Unmanned aerial vehicles (UAVs) have been an important part of our military operations for years. Now they may finally be taking on a role in civilian life as well.
It became public knowledge this month that authorities used a Predator B drone to avoid a potentially violent confrontation in North Dakota last June. This is the first known use of a UAV to make an arrest.
The problems started when six cows, valued at $6,000, wandered onto a family farm owned by members of the Sovereign Citizen Movement, an anti-government group that the FBI considers extremist. When Nelson County Sheriff Kelly Janke arrived to investigate, he was allegedly threatened at gunpoint. Police officers hesitated to make a second attempt to visit the property, worrying that doing so could spur a violent clash. So they borrowed a drone from U.S. Customs and Border Protection (CBP).
With the drone, police officers were able to keep an eye on the family. Only after thermal imaging taken from the drone revealed that the family had left their rifles behind did the police move in. In a search of the property, the police found four rifles, two shotguns, assorted bows and arrows and a samurai sword, as well as the six cows. Alex, Thomas and Jacob Brossart, all brothers, were arrested for terrorizing the sheriff during his first visit.
I last wrote about the promise of using UAVs for civilian purposes in late September, before the role of the drone in the North Dakota case was known. At the time, I argued that UAVs could play an important role in keeping us all safer without compromising our fundamental rights. This new information underscores that.
The drone used by the North Dakota police officers was one of eight owned by CBP. Bill Macki, head of the police SWAT team that helped make the arrests, said that he has used the drones several times since. “Anything where we need an advantage, we try to give them a call,” he said. Janke, the sheriff, explained in a telephone interview with the Los Angeles Times that the drones are useful because they allow police officers to take their time and “methodically plan out” an approach, rather than being forced to “go in guns blazing.” Since drones can stay in the air for extended periods of time, they are particularly helpful when suspects could be anywhere in a large area, which is a common situation in sparsely populated North Dakota.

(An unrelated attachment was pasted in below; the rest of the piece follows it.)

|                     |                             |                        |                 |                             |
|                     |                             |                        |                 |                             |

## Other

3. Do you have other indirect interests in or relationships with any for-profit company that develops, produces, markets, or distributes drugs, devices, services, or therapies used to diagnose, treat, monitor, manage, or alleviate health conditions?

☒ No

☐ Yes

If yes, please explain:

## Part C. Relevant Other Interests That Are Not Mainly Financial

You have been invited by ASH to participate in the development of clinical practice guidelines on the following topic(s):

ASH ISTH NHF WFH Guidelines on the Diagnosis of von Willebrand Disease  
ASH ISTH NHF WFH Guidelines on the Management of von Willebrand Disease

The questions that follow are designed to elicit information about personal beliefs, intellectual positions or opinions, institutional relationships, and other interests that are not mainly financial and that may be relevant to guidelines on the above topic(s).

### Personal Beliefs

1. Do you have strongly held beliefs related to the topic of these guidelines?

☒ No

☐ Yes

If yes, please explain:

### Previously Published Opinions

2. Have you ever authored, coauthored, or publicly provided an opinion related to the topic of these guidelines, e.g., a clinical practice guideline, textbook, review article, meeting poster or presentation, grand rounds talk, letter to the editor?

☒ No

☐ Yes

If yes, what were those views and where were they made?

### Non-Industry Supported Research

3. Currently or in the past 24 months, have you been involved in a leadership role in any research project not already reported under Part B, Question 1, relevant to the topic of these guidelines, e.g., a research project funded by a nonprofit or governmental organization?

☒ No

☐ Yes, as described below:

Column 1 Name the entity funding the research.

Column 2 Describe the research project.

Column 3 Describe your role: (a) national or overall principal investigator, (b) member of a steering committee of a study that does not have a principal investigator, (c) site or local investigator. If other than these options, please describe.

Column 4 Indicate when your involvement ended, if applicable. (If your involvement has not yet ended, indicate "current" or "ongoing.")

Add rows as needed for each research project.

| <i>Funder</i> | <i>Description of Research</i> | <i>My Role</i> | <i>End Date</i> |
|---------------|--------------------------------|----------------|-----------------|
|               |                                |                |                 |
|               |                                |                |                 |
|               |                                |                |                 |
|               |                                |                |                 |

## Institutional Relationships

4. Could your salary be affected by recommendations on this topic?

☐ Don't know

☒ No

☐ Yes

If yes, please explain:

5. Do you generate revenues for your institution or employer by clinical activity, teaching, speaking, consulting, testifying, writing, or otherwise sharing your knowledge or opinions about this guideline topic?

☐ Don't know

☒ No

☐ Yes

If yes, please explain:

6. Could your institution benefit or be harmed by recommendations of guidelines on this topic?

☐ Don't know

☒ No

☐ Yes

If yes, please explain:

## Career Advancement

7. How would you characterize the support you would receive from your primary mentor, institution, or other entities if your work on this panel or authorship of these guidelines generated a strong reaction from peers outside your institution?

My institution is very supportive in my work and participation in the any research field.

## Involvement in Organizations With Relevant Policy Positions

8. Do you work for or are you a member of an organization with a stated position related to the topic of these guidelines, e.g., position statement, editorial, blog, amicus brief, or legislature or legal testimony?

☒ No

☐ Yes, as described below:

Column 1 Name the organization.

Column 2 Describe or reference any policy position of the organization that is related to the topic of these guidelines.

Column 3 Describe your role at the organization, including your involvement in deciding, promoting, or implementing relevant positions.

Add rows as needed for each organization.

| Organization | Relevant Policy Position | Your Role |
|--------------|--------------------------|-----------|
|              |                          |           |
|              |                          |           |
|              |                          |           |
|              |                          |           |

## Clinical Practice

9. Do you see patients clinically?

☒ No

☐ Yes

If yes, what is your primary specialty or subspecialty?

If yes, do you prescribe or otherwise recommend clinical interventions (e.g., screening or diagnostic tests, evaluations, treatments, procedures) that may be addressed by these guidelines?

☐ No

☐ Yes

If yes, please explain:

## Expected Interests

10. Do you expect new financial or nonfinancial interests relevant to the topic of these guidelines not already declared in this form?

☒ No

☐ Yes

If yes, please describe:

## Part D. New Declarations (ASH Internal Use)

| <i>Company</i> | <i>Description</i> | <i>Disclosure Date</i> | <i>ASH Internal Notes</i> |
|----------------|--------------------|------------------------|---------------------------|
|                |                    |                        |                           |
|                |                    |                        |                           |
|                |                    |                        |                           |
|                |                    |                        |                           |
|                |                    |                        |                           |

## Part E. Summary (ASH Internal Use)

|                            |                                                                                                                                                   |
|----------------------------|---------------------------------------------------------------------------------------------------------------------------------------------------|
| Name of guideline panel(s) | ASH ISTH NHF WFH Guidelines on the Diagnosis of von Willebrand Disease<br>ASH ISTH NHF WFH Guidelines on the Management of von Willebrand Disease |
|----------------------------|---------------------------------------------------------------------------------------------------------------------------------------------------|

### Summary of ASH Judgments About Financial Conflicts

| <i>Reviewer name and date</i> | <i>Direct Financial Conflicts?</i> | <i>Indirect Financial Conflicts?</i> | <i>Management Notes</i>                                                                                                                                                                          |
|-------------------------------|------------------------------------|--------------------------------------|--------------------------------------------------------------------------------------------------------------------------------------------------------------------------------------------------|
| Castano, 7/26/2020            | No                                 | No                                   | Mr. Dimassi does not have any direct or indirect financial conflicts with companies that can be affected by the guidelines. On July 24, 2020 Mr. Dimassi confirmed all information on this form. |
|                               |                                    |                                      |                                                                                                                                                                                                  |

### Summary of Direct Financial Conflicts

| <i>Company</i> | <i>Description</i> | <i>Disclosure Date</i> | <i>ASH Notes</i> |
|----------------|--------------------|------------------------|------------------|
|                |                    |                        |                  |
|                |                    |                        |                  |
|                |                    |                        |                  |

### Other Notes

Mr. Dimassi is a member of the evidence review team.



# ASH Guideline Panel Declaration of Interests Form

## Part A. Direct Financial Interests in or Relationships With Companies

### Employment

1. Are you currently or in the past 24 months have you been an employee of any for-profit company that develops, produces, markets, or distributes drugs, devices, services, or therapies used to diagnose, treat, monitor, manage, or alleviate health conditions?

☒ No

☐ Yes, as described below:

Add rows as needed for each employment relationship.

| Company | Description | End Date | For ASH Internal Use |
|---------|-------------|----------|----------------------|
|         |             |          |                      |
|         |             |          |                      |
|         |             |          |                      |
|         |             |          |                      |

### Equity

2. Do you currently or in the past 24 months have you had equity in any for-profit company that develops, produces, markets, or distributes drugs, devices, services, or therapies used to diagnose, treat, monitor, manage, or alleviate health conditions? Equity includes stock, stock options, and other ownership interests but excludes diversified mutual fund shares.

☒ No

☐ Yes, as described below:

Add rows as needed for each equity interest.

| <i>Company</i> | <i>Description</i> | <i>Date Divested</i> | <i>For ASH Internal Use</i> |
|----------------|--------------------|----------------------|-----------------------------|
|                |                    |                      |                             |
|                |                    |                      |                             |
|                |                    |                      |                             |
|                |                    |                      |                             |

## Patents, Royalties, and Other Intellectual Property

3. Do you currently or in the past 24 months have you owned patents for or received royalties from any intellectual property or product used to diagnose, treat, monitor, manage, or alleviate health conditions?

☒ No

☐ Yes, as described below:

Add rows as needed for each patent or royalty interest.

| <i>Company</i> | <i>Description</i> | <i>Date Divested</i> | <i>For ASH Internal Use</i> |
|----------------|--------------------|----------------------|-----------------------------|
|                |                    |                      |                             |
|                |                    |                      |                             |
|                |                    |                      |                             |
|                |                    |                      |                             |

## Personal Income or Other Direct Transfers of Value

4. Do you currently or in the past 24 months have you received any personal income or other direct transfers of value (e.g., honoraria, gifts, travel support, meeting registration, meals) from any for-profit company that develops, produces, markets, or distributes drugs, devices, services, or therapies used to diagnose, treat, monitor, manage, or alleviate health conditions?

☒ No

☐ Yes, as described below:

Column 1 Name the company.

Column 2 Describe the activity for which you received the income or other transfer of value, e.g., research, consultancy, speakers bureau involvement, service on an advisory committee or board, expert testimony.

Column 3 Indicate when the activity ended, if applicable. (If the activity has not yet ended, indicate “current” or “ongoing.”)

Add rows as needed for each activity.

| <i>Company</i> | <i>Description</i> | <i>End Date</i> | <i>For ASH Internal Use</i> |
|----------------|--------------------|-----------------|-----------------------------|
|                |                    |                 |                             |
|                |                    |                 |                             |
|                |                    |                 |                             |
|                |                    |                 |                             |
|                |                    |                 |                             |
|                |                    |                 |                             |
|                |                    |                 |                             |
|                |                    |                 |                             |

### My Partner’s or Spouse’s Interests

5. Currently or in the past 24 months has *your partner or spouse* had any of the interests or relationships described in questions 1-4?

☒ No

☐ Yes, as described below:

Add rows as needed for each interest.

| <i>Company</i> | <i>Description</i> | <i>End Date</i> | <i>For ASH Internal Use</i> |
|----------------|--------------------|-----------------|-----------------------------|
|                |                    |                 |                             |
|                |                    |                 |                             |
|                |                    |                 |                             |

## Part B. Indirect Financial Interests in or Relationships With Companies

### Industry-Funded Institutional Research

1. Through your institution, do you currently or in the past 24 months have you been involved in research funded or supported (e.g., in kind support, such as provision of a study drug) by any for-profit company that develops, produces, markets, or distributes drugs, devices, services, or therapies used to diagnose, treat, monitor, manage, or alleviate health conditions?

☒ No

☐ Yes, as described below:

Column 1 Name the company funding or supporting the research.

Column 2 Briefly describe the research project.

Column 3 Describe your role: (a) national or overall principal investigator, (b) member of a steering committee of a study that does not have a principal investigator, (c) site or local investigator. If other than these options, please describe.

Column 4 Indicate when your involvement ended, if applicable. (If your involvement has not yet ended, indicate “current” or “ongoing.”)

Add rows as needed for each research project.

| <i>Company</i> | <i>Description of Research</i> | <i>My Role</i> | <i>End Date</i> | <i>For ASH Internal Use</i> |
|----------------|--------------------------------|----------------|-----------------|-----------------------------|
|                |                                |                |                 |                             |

Still, most of our country’s UAVs have yet to make their debut on U.S. soil. The military and the CIA have been given priority in obtaining this technology, which makes sense. But under the Posse Comitatus Act and Department of Defense regulations, the military is barred from engaging in domestic police work. The CIA is also strictly confined to non-U.S. operations. The fact that agencies like CBP and the Coast Guard are under the Department of Homeland Security, rather than the Department of Defense, opens up some options for their equipment to be used for domestic purposes, although with some 7,500 miles of land border to patrol, the eight CBP drones probably don’t have a lot of downtime.
The arrival of UAVs in civilian life has also been delayed by concerns over their ability to safely avoid other objects in crowded skies. The Federal Aviation Administration currently exercises tight control over the use of UAVs in domestic airspace.
While the technology is evolving, however, we ought to focus on addressing the bureaucratic hurdles that could keep UAVs from entering civilian skies once it is safe for them to be there. We do not want to set dangerous precedents by allowing poorly controlled military, intelligence and border protection operations to supersede civilian law enforcement. I have, in fact, written before about the problems that result when CBP agents extending their reach beyond the borders. But the North Dakota case provides a model for how agencies with different missions can share valuable equipment, such as UAVs, while still carrying out their own functions. I see no reason why police departments or other agencies could not borrow equipment and personnel from the military in the same way, so long as civil agencies remained completely in control of all civilian operations.
UAVs are national assets, paid for and maintained by U.S. taxpayers. Those taxpayers deserve to receive the maximum benefit their assets can provide. If UAVs can help our military monitor insurgents, then they should also be able to help our sheriffs monitor domestic gunmen and ensure that wayward cattle can be safely returned home.